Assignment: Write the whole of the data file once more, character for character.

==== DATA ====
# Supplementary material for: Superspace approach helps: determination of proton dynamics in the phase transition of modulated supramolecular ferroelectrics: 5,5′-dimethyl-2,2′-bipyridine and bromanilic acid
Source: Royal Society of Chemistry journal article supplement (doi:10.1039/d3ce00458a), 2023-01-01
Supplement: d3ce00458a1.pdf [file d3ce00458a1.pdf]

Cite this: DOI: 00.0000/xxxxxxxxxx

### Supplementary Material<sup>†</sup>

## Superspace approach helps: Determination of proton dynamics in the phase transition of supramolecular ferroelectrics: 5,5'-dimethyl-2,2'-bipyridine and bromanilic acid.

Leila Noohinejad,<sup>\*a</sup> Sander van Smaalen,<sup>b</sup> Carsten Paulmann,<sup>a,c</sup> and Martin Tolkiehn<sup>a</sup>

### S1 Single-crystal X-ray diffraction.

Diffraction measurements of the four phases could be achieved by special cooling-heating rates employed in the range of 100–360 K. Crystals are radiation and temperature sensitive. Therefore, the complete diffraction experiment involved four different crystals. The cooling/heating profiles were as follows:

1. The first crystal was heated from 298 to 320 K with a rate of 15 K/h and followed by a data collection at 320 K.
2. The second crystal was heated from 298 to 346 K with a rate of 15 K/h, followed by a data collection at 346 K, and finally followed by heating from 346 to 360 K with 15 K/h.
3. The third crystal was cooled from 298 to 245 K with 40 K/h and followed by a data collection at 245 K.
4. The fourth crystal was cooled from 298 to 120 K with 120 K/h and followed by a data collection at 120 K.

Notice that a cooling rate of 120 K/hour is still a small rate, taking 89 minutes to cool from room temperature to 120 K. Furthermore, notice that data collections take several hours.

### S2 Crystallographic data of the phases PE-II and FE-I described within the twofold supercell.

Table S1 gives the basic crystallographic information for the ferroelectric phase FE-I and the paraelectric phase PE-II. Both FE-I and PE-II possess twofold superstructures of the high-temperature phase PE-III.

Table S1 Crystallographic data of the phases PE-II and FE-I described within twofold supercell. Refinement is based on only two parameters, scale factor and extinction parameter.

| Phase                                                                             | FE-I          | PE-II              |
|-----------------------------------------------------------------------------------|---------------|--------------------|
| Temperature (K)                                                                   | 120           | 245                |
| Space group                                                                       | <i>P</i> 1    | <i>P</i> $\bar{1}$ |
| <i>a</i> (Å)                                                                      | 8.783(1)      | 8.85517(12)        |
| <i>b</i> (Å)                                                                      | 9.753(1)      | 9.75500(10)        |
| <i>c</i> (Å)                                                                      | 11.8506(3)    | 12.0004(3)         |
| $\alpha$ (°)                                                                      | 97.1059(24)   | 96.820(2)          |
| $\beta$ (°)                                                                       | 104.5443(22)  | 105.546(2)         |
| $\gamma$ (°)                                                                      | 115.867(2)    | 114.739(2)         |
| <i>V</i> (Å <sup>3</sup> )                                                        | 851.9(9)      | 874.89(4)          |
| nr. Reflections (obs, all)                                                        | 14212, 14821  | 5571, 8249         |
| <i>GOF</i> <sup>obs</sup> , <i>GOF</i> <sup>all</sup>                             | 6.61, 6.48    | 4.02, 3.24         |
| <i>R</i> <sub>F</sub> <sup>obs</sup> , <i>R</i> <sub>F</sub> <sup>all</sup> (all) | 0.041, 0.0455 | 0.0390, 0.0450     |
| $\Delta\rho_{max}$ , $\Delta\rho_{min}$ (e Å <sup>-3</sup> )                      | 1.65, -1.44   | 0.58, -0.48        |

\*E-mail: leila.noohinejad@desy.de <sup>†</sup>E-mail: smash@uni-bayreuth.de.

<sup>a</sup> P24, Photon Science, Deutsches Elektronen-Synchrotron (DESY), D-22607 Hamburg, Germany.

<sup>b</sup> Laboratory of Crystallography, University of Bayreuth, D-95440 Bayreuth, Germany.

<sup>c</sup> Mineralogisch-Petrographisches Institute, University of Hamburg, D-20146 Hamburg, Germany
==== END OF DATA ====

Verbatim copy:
# Supplementary material for: Superspace approach helps: determination of proton dynamics in the phase transition of modulated supramolecular ferroelectrics: 5,5′-dimethyl-2,2′-bipyridine and bromanilic acid
Source: Royal Society of Chemistry journal article supplement (doi:10.1039/d3ce00458a), 2023-01-01
Supplement: d3ce00458a1.pdf [file d3ce00458a1.pdf]

Cite this: DOI: 00.0000/xxxxxxxxxx

### Supplementary Material<sup>†</sup>

## Superspace approach helps: Determination of proton dynamics in the phase transition of supramolecular ferroelectrics: 5,5'-dimethyl-2,2'-bipyridine and bromanilic acid.

Leila Noohinejad,<sup>\*a</sup> Sander van Smaalen,<sup>b</sup> Carsten Paulmann,<sup>a,c</sup> and Martin Tolkiehn<sup>a</sup>

### S1 Single-crystal X-ray diffraction.

Diffraction measurements of the four phases could be achieved by special cooling-heating rates employed in the range of 100–360 K. Crystals are radiation and temperature sensitive. Therefore, the complete diffraction experiment involved four different crystals. The cooling/heating profiles were as follows:

1. The first crystal was heated from 298 to 320 K with a rate of 15 K/h and followed by a data collection at 320 K.
2. The second crystal was heated from 298 to 346 K with a rate of 15 K/h, followed by a data collection at 346 K, and finally followed by heating from 346 to 360 K with 15 K/h.
3. The third crystal was cooled from 298 to 245 K with 40 K/h and followed by a data collection at 245 K.
4. The fourth crystal was cooled from 298 to 120 K with 120 K/h and followed by a data collection at 120 K.

Notice that a cooling rate of 120 K/hour is still a small rate, taking 89 minutes to cool from room temperature to 120 K. Furthermore, notice that data collections take several hours.

### S2 Crystallographic data of the phases PE-II and FE-I described within the twofold supercell.

Table S1 gives the basic crystallographic information for the ferroelectric phase FE-I and the paraelectric phase PE-II. Both FE-I and PE-II possess twofold superstructures of the high-temperature phase PE-III.

Table S1 Crystallographic data of the phases PE-II and FE-I described within twofold supercell. Refinement is based on only two parameters, scale factor and extinction parameter.

| Phase                                                                             | FE-I          | PE-II              |
|-----------------------------------------------------------------------------------|---------------|--------------------|
| Temperature (K)                                                                   | 120           | 245                |
| Space group                                                                       | <i>P</i> 1    | <i>P</i> $\bar{1}$ |
| <i>a</i> (Å)                                                                      | 8.783(1)      | 8.85517(12)        |
| <i>b</i> (Å)                                                                      | 9.753(1)      | 9.75500(10)        |
| <i>c</i> (Å)                                                                      | 11.8506(3)    | 12.0004(3)         |
| $\alpha$ (°)                                                                      | 97.1059(24)   | 96.820(2)          |
| $\beta$ (°)                                                                       | 104.5443(22)  | 105.546(2)         |
| $\gamma$ (°)                                                                      | 115.867(2)    | 114.739(2)         |
| <i>V</i> (Å <sup>3</sup> )                                                        | 851.9(9)      | 874.89(4)          |
| nr. Reflections (obs, all)                                                        | 14212, 14821  | 5571, 8249         |
| <i>GOF</i> <sup>obs</sup> , <i>GOF</i> <sup>all</sup>                             | 6.61, 6.48    | 4.02, 3.24         |
| <i>R</i> <sub>F</sub> <sup>obs</sup> , <i>R</i> <sub>F</sub> <sup>all</sup> (all) | 0.041, 0.0455 | 0.0390, 0.0450     |
| $\Delta\rho_{max}$ , $\Delta\rho_{min}$ (e Å <sup>-3</sup> )                      | 1.65, -1.44   | 0.58, -0.48        |

\*E-mail: leila.noohinejad@desy.de <sup>†</sup>E-mail: smash@uni-bayreuth.de.

<sup>a</sup> P24, Photon Science, Deutsches Elektronen-Synchrotron (DESY), D-22607 Hamburg, Germany.

<sup>b</sup> Laboratory of Crystallography, University of Bayreuth, D-95440 Bayreuth, Germany.

<sup>c</sup> Mineralogisch-Petrographisches Institute, University of Hamburg, D-20146 Hamburg, Germany